The text was originally published in Russian
Were there diplomacy championships in the world, our country would invariably be among prize winners. For despite the hardships of the last two decades and resource shortages, Russian foreign policy remains successful in achieving its strategic objectives.
It is not only about the present generation of Russian diplomats being especially different from their predecessors – there is quite a number of bright figures, though. Essentially, the modern Russian diplomacy is the fruit of experience of conflicts, negotiations and transitions between them, gained in the last several centuries. This experience, diverse as it is, is spread in the Russian multicomponent and complex society, but its blob can be found in the center of decision-making – in the Foreign Ministry, the Old Square, where the President Administration is situated, and in the Kremlin. As a rule, whoever it is in these offices, the general Russian strategy stays unchanged.
It has been three hundred years since the late 17th century, when Russia was shaped in its present borders (excluding the North Caucasus and Khabarovsk krai in the Far East). During this time, the Russian elites have formed an understanding of the country’s territorial depth and its historic place of the Eurasian dynamic kernel and a stabilizer.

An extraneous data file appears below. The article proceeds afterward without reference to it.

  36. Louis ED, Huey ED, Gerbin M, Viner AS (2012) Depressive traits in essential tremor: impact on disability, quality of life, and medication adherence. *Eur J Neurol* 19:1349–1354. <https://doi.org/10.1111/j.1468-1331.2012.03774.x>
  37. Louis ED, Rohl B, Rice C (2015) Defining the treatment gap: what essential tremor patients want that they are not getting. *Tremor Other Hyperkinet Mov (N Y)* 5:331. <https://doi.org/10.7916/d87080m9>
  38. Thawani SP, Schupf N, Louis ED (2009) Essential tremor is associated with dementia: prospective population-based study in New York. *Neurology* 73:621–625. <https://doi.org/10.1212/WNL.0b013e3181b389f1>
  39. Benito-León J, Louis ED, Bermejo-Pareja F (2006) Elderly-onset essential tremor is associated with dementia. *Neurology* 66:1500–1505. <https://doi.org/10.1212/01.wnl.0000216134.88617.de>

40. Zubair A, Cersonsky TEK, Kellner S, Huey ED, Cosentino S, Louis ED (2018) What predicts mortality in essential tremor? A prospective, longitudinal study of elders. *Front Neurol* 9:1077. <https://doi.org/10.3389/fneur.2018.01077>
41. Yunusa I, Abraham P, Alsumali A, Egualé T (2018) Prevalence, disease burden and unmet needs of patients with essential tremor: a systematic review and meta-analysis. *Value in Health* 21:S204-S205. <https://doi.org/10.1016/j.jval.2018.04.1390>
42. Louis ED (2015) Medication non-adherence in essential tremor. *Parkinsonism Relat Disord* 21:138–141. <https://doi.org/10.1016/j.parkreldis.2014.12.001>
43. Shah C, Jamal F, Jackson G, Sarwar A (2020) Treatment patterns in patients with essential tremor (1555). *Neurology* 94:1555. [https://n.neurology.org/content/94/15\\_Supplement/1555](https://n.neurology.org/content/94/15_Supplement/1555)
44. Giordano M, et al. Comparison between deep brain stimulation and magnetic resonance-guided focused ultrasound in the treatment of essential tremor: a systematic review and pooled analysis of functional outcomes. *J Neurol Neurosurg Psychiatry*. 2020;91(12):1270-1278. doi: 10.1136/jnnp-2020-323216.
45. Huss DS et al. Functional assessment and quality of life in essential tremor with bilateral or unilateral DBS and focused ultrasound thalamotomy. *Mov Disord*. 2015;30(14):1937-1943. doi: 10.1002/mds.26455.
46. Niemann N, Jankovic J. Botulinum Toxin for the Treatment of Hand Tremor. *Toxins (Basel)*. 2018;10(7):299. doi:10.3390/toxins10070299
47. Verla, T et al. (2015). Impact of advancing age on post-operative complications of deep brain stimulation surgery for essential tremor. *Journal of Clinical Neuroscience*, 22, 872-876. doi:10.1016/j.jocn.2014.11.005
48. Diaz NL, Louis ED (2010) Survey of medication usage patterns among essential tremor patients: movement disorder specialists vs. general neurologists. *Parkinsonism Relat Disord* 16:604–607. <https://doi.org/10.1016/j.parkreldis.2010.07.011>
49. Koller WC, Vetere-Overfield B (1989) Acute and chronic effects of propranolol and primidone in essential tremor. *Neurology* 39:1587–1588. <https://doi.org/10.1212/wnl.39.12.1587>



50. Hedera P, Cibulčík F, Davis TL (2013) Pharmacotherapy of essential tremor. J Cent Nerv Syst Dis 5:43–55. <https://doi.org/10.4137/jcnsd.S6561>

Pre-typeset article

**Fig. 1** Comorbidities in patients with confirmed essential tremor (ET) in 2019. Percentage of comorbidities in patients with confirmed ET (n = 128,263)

The President promised to redirect Russian energy streams to countries where “economy is not confused with politics”. He was referring to the Summit host Turkey in the first place with its increasing need for energy resources. Despite the differences between Turkey and Russia on the Syrian issue, the two states are deepening their cooperation in the energy field making their relations genuinely strategic.
Western governments locked up in short electoral cycles are bound to continue same policies towards Russia.
The German Eastern policy is coming to its end with Berlin and Moscow acting as opponents on the Ukrainian issue. The fact is no news, however, the world Media have been busy speculating on it lately. Harshness of Angela Merkel’s anti-Russian speeches in the Australian Brisbane or the German Bundestag may not be blamed on pressure from the US. It is of Germany’s own interests to curb the Russian influence in Europe.
Surely, the gist of what is happening on the G20 sessions is difficult to follow for those who are not experts on the matter. The Group’s resolutions exclusively concern economy and aim at changing rules, which has a delayed effect. Nonetheless, making up political tales instead of trying to look into the case does not seem a correct choice.